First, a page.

Mrs. Tanya, after shifting to another course and promising to get through it one project at a time, one day at a time, enrolled in an ELECLIT class and was under the tutelage of the poet Dr. Marjorie Evasco. After jumping from one vision to another, the waves of indecision settled. “I’m happy she still accommodated me and she pursued and encouraged me to keep writing and that made me realize that I can write well.”
On the other hand, Arielle Poblete, a former The LaSallian writer and Communication Arts graduate, knew even before college what she really wanted, “In undergrad talaga I never wanted to be anything else but work in the creative side of media because that’s all I knew. Anything from working abroad to getting a high salary, from working for a big corporation to buying my first car/house/whatever were beyond me.”
Instead of being prickled by the pressure of wanting the things you know you should want, conscious of creating a personal brand, Arielle shares that it came naturally. “I swam into those things I knew by heart and let myself drown there.”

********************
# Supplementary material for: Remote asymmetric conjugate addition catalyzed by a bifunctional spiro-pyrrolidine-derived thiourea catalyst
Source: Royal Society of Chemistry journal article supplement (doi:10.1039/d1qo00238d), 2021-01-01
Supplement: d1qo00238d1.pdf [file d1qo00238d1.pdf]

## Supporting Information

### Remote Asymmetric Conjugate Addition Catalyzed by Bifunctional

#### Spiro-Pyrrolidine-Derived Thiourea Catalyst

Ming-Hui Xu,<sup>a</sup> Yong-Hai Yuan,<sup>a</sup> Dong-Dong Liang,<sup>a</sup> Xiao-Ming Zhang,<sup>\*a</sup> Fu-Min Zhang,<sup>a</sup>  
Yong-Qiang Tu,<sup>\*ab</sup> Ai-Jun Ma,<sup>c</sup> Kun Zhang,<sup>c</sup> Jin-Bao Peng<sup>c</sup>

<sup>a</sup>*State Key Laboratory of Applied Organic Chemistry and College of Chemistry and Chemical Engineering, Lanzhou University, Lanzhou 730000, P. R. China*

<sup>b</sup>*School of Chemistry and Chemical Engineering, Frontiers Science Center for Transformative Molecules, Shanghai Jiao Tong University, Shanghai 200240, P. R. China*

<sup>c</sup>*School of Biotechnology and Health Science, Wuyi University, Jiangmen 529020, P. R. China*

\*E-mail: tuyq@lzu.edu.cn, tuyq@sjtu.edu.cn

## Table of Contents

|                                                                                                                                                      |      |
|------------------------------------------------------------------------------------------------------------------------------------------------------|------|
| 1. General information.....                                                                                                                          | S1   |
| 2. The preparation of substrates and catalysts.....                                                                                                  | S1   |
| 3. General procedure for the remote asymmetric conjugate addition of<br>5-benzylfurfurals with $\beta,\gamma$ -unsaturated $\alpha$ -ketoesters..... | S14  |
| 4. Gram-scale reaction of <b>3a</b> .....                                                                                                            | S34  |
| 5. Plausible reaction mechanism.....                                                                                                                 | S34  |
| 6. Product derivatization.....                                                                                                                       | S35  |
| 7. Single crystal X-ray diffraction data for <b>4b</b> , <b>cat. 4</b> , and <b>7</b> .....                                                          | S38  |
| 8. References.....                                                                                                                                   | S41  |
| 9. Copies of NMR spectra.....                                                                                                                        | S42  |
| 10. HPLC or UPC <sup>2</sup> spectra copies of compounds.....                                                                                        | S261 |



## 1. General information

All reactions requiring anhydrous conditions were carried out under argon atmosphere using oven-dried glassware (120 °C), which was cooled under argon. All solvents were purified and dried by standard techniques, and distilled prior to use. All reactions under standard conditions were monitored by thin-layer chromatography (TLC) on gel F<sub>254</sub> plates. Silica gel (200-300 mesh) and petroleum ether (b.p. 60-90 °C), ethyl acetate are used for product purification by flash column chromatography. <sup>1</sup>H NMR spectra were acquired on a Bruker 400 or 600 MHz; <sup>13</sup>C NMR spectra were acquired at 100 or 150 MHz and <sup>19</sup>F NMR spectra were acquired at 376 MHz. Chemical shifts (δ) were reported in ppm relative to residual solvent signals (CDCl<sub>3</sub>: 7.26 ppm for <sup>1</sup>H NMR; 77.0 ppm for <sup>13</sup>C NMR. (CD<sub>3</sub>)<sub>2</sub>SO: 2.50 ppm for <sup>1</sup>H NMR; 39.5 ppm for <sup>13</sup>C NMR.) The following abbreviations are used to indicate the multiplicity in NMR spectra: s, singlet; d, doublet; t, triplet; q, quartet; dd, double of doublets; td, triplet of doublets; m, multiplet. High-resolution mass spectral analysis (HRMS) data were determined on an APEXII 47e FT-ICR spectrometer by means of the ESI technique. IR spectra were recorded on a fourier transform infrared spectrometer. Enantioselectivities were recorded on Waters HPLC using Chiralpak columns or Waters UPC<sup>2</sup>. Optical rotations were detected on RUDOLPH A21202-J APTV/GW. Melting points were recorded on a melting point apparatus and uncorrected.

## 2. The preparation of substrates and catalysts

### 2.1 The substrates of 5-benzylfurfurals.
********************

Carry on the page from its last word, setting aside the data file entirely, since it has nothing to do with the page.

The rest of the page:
For some others, it is by being in a course that they find no interest in that stir them; to action—the active pursuit of creating an identity. Maine Manalansan, a Business Management graduate and now the art director of Young Star and the editor of Stache Magazine, opens up by saying, “When I was in DLSU, I wanted to get out as much as possible. Not because I didn’t like the courses but because I wanted to do something more with what I’m learning.”
“It was during a PERSEF2 class that I decided to finally make it [magazine],” Maine recalls. Apparently, classes like PERSEF, those students often brush off as unnecessary, offer a lot of help. A thought for comfort: These small epiphanies about ourselves, sometimes infuriating us for how rarely and late we get them, still come anyway at its own time.
There is no time limit nor any competition to who first gets to piece them together and finally become a whole person. If that were case, we’d all be dependent on the convenience and immediacy of magic balls predicting our fate, trapped in the illusion of the occult.